A history of coal mining in Kintyre

 

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Miners in South Kintyre (Drumlemble/Machrihanish). Photo courtesy of Campbeltown Heritage Centre, Campbeltown.

When I was researching the film, The Road to Drumleman, about Argyll Colliery, Machrihanish, both George McMillan, Campbeltown, a former collier at Argyll Colliery and Donald Irwin, Drumlemble, the son of a collier, gave me copies of a document which traced the history of coal mining in South Kintyre. It was put together by former Argyll Colliery manager, David Seaman M.I.M.E. C.ENG. In his introduction, Seaman names the Rev. Father Webb, Campbeltown and Duncan Colville, Machrihanish, as important contributors to the this document.

The history begins in 1494 when King James IV visited his castles in Tarbert, Dunaverty and Kilkerran and ends with the closure of Argyll Colliery, Machrihanish in 1967. It contains often detailed information which helps bring alive Kintyre’s industrial past.

For instance instance in 1879…

“A cargo of Drumlemble coals was shipped this week by the schooner ‘Julie’ for Denmark; several cargoes have been shipped this season for Denmark, Norway, Sweden and Prussia”.

This document will be useful to anyone with an interest in coal mining in South Kintyre. It has been typed up from a poor quality, photocopied version and so we now have the electronic version online which can viewed publicly. Many thanks to Morag McMillan of SKDT and Elizabeth McTaggart for their time and effort in typing this up for the project. Thanks also to George and Donald for making this important historical record available to us all. To view the full document 

Jan Nimmo

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Coal miners at “Lone Creek” an illegal mine at Tirfergus Farm, near Drumlemble – 1920’s. Photo courtesy of Campbeltown Heritage Centre, Campbeltown.

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Kenny McMillan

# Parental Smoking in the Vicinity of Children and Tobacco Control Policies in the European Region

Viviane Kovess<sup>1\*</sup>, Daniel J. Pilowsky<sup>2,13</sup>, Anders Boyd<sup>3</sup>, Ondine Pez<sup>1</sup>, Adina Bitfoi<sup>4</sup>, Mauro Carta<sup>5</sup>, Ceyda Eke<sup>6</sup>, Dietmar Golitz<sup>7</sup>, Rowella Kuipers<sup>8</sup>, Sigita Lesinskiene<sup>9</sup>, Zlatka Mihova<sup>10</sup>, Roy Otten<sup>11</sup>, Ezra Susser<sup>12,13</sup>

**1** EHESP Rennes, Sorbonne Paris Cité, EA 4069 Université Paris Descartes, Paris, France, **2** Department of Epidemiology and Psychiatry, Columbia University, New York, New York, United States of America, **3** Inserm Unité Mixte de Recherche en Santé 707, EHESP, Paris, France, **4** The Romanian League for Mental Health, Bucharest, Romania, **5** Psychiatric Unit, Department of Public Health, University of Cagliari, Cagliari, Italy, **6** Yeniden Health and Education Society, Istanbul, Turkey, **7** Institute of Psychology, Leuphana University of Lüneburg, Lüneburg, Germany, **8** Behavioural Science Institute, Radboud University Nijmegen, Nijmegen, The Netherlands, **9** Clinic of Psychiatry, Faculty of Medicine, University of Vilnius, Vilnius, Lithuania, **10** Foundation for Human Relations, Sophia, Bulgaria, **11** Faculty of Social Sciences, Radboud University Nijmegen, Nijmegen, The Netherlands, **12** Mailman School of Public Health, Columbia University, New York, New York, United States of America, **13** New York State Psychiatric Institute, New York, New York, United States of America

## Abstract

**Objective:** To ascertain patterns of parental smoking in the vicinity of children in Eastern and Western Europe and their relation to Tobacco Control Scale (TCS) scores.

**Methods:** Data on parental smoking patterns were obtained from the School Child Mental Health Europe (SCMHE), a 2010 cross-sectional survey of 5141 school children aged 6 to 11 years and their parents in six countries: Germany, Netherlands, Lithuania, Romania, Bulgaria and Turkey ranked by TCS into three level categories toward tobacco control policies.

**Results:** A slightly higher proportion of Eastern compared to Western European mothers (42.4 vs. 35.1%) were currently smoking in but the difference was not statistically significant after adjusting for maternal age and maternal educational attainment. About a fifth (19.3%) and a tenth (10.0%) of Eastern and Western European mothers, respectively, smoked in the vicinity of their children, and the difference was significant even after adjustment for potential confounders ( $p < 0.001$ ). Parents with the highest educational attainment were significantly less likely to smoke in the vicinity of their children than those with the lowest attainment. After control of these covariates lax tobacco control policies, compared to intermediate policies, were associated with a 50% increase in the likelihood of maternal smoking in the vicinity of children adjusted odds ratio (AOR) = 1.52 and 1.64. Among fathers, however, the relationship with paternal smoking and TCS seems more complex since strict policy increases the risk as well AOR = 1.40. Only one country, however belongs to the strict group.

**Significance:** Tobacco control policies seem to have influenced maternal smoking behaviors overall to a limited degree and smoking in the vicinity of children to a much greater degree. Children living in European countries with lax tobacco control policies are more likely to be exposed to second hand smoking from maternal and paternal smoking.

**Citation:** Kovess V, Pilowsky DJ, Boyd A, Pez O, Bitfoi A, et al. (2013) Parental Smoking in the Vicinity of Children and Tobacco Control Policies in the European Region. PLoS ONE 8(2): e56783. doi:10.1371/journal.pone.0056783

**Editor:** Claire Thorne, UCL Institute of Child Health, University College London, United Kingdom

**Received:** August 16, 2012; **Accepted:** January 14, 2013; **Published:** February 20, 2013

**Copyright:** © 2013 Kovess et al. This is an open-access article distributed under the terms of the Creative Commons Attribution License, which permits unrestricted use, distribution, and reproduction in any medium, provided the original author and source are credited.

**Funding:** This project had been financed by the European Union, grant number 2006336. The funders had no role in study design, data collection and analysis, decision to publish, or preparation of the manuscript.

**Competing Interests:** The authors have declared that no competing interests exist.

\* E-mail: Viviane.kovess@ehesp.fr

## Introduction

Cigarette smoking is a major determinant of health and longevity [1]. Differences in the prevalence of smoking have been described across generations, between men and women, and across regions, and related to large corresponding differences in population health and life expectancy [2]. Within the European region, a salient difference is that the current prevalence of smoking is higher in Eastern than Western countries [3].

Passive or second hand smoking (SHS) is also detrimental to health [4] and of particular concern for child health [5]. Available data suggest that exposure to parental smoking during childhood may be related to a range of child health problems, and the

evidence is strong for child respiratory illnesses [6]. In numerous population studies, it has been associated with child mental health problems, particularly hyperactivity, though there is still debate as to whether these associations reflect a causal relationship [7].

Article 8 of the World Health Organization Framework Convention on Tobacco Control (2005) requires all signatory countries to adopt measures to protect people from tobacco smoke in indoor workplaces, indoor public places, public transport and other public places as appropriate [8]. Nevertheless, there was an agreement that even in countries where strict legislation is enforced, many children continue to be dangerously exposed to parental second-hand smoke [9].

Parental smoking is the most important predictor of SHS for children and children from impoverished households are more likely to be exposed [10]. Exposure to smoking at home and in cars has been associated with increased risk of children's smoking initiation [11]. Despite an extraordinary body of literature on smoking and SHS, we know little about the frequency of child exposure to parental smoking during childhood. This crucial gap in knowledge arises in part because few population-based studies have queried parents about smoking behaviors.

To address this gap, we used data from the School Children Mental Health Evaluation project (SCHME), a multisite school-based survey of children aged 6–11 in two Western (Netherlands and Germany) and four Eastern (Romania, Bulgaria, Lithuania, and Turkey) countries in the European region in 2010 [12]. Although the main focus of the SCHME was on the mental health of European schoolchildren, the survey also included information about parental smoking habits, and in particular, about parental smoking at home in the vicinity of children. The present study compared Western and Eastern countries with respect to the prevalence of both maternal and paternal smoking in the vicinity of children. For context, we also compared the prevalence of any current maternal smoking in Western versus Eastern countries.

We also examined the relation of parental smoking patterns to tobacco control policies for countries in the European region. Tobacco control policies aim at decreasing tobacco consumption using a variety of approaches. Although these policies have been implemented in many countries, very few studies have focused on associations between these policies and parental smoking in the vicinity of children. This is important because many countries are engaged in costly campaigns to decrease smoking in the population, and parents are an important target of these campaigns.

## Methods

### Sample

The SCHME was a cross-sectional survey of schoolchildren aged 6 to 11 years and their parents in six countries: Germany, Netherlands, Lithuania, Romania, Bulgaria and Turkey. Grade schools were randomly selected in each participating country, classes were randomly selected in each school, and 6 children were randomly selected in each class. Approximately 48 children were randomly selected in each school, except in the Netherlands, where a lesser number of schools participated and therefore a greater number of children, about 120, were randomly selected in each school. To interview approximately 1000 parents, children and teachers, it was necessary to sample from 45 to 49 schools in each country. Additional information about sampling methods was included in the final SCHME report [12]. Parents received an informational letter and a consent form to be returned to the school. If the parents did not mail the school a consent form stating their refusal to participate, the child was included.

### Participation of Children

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Argyll Colliery F.C. card which belonged to the late Kenny McMillan. Courtesy of Morag McMillan

J.K.B. McMillan, known as Kenny, was born in 1926 in Campbeltown and as a young man was called up for the the army and served with the Royal Engineers. His first job after serving in the army was at the Argyll Colliery. In 1948 he went to be trained in Doncaster and returned to work at Argyll Colliery for the next 20 years, until the pit closure in 1967. In 1950 he married Agnes Girvan, whose father was one of the hall-keepers of the Miners’ Welfare in Bolgam Street, Campbeltown. They had five children and their lives were consumed by the various activities organised by the wider mining community.

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Kenny McMillan. Photo courtesy of Morag McLean (nee McMillan)

Mum, Agnes, was the prompter for the successful miners’ drama group and Dad, Kenny, played and later managed the football teams. The miners’ football team was formed in July 1951 and according to records kept by my father, they were a fairly successful team playing in the Scottish Junior Cup. Dad was a Motherwill supporter which is why the Argyll Colliery Team played in “Amber and Claret”.